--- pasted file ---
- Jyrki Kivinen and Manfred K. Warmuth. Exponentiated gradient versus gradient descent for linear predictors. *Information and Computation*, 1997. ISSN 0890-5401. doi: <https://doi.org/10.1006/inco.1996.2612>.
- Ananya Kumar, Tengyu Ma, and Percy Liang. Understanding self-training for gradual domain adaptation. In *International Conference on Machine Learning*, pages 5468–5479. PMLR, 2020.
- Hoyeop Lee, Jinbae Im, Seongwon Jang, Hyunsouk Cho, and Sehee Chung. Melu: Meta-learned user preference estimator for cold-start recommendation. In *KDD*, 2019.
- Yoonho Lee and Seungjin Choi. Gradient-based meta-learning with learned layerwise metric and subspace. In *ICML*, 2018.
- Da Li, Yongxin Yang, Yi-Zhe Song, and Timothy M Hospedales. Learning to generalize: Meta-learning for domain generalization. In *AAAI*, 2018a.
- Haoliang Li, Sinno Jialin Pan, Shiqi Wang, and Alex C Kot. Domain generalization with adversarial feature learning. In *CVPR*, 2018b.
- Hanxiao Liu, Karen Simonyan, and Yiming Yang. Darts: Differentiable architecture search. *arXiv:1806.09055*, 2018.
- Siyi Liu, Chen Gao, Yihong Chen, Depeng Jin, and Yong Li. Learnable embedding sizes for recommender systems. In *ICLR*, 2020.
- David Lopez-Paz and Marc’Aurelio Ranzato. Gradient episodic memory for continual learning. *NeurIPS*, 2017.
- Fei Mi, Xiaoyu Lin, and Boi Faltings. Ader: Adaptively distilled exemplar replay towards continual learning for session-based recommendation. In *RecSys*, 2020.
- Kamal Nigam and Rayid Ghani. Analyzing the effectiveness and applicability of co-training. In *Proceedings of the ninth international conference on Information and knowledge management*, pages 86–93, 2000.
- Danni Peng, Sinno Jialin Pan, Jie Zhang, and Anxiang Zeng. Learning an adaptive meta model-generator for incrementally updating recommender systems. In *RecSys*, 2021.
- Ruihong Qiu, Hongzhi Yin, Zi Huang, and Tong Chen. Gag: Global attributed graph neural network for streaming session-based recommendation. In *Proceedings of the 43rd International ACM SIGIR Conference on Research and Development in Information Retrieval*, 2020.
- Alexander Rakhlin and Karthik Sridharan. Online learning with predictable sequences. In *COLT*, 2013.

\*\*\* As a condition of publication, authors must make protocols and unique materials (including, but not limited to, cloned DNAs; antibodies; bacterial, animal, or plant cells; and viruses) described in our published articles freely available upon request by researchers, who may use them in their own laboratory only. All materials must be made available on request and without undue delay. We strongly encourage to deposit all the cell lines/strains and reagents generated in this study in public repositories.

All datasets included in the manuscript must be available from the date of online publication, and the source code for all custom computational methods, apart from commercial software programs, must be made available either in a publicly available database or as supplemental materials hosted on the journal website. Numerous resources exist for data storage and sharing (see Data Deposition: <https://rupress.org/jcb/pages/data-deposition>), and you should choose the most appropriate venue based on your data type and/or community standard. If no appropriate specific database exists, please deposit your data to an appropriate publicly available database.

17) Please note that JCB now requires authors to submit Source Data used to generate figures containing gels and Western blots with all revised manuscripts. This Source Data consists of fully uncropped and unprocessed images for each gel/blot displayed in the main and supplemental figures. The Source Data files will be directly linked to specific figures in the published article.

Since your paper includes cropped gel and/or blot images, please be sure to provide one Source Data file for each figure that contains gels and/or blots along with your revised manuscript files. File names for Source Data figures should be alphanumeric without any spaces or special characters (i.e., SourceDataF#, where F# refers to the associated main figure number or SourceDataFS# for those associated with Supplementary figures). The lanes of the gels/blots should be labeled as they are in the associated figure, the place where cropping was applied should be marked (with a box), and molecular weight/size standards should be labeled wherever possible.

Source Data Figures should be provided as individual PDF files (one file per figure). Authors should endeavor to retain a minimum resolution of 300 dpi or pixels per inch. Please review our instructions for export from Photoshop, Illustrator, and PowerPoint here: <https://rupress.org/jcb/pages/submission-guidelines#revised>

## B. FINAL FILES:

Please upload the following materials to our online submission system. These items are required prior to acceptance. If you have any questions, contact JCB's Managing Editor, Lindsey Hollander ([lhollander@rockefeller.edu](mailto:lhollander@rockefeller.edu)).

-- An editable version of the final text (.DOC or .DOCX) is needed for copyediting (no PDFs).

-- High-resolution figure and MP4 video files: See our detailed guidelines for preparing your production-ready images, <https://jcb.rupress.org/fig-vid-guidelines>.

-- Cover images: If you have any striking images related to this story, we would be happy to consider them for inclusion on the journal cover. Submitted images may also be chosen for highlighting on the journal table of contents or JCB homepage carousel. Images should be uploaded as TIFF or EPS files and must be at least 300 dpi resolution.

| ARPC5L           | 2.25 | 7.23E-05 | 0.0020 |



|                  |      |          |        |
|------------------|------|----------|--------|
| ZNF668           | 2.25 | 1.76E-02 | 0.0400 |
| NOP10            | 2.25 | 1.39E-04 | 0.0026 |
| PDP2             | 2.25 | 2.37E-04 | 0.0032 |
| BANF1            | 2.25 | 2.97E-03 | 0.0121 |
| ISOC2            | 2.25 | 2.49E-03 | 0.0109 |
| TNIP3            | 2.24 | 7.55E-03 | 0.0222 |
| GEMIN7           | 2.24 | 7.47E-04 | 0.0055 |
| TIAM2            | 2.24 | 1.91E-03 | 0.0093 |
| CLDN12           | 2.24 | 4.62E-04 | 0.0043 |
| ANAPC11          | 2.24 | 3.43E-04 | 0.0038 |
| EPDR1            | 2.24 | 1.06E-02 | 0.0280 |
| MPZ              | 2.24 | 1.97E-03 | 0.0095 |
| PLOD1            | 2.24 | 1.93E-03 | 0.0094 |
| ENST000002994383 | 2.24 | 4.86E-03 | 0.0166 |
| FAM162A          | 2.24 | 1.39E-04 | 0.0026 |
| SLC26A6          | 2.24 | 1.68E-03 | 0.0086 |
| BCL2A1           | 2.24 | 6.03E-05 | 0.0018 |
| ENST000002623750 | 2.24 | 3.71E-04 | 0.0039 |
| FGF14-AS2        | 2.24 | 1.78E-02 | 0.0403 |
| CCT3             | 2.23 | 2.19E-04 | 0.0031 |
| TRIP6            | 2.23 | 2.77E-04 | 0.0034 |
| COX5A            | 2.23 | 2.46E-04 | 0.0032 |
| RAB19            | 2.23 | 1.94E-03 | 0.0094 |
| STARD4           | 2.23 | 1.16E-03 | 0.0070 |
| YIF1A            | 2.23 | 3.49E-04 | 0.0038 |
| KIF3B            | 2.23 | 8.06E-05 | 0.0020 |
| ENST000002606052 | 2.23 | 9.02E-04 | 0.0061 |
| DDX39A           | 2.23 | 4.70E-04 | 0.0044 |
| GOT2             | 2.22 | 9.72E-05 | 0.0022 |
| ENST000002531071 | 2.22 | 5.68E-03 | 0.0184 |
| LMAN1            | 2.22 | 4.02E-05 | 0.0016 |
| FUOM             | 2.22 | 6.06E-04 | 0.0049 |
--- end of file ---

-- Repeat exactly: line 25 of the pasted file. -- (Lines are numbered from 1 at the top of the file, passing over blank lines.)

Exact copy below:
| ARPC5L           | 2.25 | 7.23E-05 | 0.0020 |